Although there are at least three independent non-executive directors on the remuneration committee in a large company  , the Walker Report found that bankers were being paid in a dangerous way which encouraged them to speculate imprudently. The general consensus is that badly designed remuneration policies and compensation schemes in the financial services sector contributed to “short-termism” and excessive risk-taking without regard to the long-term performance of financial institutions. 
One of the weaknesses of the system of voting remuneration packages to senior management is that remuneration committees, while intended to be independent of the executives, are made up of NEDs nominated and appointed by executive directors and so there is a serious risk of conflict or lack of independence. NEDs are not paid as much as their executive colleagues although there work is more challenging. Their pay is also not commensurate with their performance or that of the company and so this discourages them from effectively discharging their role as monitors, since the demands are not reflected on the payslips”.  Remuneration should reflect their challenging role and be sufficient to attract and retain high quality NEDs.
Relations with shareholders
In 1932 Berle and Means’ seminal work showed that the separation of ownership from control had created a situation where the true owners of companies, the shareholders, had little influence over company management. They “were rendered impotent by the wide dispersion of ownership and by a general apathy among shareholders towards the activities of investee company management.”  The study warned that unchecked corporate power had potentially serious consequences as it becomes difficult for shareholders to restrain any managerial excesses, whether they are the result of incompetence, self- dealing or fraud.
The typical division of power within a company is that the power to manage the company has been delegated to the board of directors by the articles leaving the shareholders with very limited powers.  Until those powers are taken away by an amendment of the articles the members in the general meeting cannot interfere with their exercise. However there are certain powers shareholders can use to exercise control of the directors at the general meeting. A director can be removed by ordinary resolution of the shareholders at any time;  articles can be amended for future to change powers by special resolution;  directions can be made by special resolution;  opinion may be expressed by ordinary resolution.
In the Walker Report, Sir David considered that shareholders in banks did little to curb recklessness gambling of financial institutions and that the owners didn’t “exercise proper stewardship”. The issue in large companies is trying to ensure shareholder engagement so that the shareholders act as an effective counterbalance to all powerful directors.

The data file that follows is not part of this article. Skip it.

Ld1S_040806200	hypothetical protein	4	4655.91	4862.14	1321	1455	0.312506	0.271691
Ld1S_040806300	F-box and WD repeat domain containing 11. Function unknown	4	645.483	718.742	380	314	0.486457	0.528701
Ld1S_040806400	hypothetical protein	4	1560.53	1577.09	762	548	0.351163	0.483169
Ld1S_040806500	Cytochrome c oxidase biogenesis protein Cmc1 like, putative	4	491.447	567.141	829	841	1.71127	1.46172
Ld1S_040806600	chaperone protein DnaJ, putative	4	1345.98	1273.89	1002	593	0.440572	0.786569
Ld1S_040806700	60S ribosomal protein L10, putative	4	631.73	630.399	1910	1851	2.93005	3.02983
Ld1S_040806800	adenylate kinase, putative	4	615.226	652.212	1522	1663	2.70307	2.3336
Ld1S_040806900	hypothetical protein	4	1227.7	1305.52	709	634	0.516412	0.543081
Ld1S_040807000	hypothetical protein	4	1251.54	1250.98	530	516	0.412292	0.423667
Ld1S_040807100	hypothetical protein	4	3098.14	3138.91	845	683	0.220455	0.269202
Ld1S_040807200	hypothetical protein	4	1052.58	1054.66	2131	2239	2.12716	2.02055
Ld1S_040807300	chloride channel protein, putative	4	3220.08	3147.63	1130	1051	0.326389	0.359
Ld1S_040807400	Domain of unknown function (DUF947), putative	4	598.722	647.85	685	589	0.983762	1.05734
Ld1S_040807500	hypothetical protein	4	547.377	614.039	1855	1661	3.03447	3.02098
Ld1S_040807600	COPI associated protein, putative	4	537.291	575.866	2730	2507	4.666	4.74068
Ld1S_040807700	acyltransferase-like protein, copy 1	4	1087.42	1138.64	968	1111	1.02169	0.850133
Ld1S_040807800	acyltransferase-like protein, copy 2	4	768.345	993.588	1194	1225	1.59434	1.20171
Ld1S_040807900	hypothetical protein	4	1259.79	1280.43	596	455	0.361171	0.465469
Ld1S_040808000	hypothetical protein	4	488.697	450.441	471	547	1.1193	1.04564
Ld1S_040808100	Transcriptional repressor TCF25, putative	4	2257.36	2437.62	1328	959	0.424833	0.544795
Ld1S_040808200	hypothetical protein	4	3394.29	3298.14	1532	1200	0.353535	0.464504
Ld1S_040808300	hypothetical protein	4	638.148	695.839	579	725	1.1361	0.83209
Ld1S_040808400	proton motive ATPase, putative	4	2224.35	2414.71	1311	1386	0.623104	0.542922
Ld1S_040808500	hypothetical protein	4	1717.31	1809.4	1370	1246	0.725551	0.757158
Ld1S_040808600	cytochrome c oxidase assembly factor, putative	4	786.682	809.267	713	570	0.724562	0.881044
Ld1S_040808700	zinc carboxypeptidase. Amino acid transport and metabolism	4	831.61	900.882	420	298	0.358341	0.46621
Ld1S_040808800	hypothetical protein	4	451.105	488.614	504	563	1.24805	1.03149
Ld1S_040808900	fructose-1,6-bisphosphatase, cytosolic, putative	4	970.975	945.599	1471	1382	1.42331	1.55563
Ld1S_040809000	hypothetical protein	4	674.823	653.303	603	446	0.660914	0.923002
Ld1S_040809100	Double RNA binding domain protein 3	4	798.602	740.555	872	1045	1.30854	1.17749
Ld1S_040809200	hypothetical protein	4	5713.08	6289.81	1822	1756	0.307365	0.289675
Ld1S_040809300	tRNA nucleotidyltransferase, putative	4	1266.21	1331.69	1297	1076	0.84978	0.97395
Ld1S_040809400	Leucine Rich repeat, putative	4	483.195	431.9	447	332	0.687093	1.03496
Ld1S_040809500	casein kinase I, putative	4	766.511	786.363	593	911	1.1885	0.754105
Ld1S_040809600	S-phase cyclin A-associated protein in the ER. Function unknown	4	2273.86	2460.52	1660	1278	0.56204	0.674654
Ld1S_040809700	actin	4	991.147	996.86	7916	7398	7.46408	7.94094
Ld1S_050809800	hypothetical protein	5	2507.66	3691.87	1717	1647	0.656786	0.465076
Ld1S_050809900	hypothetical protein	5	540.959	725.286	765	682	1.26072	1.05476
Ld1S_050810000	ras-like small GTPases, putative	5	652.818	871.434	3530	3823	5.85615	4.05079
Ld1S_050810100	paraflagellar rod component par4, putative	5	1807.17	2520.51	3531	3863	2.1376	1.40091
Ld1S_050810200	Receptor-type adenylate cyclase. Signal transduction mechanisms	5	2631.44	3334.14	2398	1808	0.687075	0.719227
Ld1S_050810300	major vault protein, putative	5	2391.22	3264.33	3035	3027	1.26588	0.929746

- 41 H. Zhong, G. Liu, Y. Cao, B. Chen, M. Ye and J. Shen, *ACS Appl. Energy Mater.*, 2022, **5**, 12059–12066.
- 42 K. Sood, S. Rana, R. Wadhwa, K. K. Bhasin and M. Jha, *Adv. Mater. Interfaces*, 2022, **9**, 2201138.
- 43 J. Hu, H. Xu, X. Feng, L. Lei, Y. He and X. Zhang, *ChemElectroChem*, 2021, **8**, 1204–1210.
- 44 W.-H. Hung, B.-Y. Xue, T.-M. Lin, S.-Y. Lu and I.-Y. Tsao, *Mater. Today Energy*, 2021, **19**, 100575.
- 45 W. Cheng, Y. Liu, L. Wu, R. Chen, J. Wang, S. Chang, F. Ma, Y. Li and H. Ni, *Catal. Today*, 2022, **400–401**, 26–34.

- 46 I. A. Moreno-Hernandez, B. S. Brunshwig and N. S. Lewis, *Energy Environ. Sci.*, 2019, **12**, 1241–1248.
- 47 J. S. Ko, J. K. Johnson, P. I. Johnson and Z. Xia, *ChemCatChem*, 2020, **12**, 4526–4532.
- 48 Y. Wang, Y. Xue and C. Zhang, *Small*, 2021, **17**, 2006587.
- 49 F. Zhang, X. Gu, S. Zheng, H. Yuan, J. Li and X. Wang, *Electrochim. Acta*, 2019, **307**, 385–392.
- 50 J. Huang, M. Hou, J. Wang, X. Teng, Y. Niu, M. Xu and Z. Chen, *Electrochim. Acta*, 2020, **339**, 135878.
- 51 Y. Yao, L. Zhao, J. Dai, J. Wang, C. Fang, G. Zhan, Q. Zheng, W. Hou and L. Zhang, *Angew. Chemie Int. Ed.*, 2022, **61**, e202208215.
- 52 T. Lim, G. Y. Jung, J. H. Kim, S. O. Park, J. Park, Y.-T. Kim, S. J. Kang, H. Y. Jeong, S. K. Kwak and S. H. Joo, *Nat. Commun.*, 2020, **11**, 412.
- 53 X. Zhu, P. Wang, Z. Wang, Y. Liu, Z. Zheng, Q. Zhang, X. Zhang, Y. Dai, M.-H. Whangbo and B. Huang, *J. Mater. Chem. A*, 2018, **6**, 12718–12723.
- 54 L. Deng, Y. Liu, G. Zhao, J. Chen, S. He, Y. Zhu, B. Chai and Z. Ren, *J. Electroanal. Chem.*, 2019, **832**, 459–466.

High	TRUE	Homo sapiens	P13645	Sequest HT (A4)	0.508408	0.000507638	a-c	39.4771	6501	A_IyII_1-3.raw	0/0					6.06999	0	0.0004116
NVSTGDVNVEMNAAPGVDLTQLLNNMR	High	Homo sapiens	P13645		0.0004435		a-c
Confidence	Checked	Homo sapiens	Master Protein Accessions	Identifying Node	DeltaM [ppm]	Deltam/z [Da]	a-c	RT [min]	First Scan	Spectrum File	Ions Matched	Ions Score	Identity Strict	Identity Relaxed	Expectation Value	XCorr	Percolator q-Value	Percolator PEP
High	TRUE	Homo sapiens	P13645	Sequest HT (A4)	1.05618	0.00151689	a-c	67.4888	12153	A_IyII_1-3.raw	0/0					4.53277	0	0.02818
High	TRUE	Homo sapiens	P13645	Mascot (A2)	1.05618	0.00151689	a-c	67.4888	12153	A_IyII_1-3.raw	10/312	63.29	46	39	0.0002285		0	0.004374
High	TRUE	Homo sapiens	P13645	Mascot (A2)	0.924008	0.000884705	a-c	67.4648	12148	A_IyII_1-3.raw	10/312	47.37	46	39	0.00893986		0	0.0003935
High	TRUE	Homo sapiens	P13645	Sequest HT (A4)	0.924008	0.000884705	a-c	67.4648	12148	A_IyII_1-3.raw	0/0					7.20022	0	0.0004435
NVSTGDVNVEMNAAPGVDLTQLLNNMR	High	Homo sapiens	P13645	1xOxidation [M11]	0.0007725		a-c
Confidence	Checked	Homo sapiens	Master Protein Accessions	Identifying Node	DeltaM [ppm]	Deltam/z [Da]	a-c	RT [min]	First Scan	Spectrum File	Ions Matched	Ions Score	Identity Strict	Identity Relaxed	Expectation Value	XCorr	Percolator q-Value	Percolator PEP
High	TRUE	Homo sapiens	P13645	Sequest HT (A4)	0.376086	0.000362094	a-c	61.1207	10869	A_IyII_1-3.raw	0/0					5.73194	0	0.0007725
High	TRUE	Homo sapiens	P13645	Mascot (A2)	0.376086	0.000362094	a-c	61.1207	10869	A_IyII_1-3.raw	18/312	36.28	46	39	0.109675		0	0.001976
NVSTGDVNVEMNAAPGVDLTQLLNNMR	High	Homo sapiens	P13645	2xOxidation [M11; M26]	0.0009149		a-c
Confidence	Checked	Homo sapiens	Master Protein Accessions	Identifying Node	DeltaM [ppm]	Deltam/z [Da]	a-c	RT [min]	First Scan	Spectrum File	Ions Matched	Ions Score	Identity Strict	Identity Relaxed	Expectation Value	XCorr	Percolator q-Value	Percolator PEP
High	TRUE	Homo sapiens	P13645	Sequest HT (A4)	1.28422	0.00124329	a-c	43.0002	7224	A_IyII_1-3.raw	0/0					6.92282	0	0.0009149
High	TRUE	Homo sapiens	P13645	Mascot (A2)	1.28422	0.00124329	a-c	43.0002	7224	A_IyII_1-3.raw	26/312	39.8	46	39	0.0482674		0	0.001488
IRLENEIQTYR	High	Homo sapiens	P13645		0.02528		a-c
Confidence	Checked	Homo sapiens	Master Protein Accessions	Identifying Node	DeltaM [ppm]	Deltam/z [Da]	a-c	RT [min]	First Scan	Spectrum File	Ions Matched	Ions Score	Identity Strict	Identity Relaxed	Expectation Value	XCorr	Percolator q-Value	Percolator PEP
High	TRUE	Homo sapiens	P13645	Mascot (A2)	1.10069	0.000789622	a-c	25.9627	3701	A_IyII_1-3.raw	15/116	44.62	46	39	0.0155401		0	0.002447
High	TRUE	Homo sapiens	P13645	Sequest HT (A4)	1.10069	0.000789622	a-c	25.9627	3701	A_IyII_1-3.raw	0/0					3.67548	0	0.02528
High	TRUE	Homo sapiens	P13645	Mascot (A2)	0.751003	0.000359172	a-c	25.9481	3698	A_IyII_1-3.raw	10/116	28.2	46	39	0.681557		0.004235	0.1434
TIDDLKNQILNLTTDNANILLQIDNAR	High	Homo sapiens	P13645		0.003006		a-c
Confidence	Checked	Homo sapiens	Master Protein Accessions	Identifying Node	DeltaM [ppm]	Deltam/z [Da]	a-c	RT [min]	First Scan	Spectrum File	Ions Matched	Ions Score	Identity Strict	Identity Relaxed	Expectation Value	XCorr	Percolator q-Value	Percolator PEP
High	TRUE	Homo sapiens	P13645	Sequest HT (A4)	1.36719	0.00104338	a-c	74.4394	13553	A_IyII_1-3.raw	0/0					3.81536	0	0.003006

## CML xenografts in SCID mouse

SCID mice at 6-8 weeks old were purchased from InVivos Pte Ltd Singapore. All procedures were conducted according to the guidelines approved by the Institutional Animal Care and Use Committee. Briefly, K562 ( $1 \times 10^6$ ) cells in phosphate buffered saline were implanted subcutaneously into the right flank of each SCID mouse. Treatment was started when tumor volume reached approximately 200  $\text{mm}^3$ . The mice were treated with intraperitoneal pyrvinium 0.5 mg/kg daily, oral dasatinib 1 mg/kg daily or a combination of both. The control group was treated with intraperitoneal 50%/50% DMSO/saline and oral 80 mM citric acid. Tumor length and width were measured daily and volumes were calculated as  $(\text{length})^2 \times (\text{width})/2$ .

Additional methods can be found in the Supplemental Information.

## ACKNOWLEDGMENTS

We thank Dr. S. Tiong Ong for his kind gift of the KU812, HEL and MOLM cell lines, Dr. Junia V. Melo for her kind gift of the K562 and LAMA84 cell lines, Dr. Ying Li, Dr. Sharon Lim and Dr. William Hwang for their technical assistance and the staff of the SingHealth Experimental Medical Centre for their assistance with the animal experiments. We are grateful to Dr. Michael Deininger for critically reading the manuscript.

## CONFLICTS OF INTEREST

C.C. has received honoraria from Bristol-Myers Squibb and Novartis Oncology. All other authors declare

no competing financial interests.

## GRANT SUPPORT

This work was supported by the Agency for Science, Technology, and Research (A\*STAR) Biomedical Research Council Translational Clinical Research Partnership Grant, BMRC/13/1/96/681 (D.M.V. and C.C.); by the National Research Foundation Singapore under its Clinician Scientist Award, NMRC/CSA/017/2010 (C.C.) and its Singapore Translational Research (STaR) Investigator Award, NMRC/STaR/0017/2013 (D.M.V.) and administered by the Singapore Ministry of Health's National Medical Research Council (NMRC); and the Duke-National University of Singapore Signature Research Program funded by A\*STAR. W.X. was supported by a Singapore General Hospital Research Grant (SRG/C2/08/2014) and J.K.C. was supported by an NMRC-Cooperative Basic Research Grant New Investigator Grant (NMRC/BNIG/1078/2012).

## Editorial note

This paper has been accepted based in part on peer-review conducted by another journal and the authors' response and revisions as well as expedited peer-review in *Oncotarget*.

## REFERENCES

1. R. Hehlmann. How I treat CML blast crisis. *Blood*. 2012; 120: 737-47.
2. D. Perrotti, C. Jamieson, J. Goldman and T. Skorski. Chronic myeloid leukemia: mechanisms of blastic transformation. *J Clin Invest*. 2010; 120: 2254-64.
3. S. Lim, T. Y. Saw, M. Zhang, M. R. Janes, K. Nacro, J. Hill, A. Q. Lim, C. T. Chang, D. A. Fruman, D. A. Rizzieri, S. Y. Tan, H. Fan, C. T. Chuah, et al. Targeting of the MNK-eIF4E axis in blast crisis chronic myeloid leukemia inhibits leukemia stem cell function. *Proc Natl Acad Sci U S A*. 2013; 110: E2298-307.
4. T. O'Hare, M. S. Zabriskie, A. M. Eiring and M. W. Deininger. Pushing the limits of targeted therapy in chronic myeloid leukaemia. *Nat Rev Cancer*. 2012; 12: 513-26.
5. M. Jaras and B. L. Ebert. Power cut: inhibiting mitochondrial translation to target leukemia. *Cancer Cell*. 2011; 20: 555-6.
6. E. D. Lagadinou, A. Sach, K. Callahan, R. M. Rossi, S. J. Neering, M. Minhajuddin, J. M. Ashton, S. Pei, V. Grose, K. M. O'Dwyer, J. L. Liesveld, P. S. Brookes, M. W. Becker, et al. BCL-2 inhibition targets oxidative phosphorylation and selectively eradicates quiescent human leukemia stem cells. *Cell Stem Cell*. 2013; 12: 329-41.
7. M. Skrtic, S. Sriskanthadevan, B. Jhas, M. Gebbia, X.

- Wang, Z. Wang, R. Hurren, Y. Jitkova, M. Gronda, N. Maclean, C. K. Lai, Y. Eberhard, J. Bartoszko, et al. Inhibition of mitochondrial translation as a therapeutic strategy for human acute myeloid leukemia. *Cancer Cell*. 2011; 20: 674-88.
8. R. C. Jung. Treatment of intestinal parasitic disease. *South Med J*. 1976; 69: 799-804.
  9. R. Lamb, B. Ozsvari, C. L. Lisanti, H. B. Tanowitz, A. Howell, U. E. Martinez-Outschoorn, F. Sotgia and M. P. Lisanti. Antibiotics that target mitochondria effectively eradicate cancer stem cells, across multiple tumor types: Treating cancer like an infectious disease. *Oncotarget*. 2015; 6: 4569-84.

In theory shareholders have significant powers but in practice it is very difficult for them to exercise those powers especially if they are a minority shareholder.  In order to put a resolution on the agenda for the AGM there needs to be support shown from at least 5% of the total voting rights of all the members entitled to vote on the resolution.  Consequently institutional shareholders have a much bigger chance of affecting the corporate affairs as they usually already have 5 – 10% of shares than minority shareholders. However the legislation is such in order to exclude resolutions which would be ineffective, defamatory or vexatious. 
The Companies Act does attempt to address the lack of shareholder engagement by offering voting by proxy to encourage shareholders to take part even if they are not able to attend the AGM. Any member of a company who is entitled to attend and vote at meetings of the company may send in his vote in writing or assign his vote to the board of directors. However, the drawback is that by assigning a vote to the company chairman, which is not uncommon, is seen as a rubber stamping exercise and regenerates the notion of “apathetic shareholders”.
The UK Corporate Governance Code and the legislative framework regulating listed PLCs in the UK seem to address the problems revealed by corporate scandals of recent times. However, there is still a need to further strengthen the monitoring role of NEDs. From the recent scandals, it is clear that “best practice does not necessarily raise corporate governance standards, whereas legislation can compel it.”  This will provide a way of enforcing the duties of NEDs and ensuring accountability to shareholders.
At the heart of the Code is a ‘comply or explain’ principle and so to an extent it applies to any company that chooses to adhere to it. However, those who choose not to are judged on their explanations by investors and subject to intense scrutiny from market forces. The Code alongside the Companies Act has translated into “‘arm’s length’ regulation and has produced a regulatory style, which is based on accommodation, mutual respect and negotiation.”  The Code they cannot guarantee against corporate malpractices. In large companies,
The viability of such a “soft law” approach has depended on a reasonable level of engagement between the companies and institutional directors. These powerful shareholders exert a real, if not completely inflexible, pressure on companies to conform to a particular model of board composition and operation.
The UK corporate governance model has reached a stage where it is broadly “fit for purpose.” It is now up to the shareholders, encouraged by their forthcoming stewardship code to rise to the challenge to maintain sensible pressure on boards.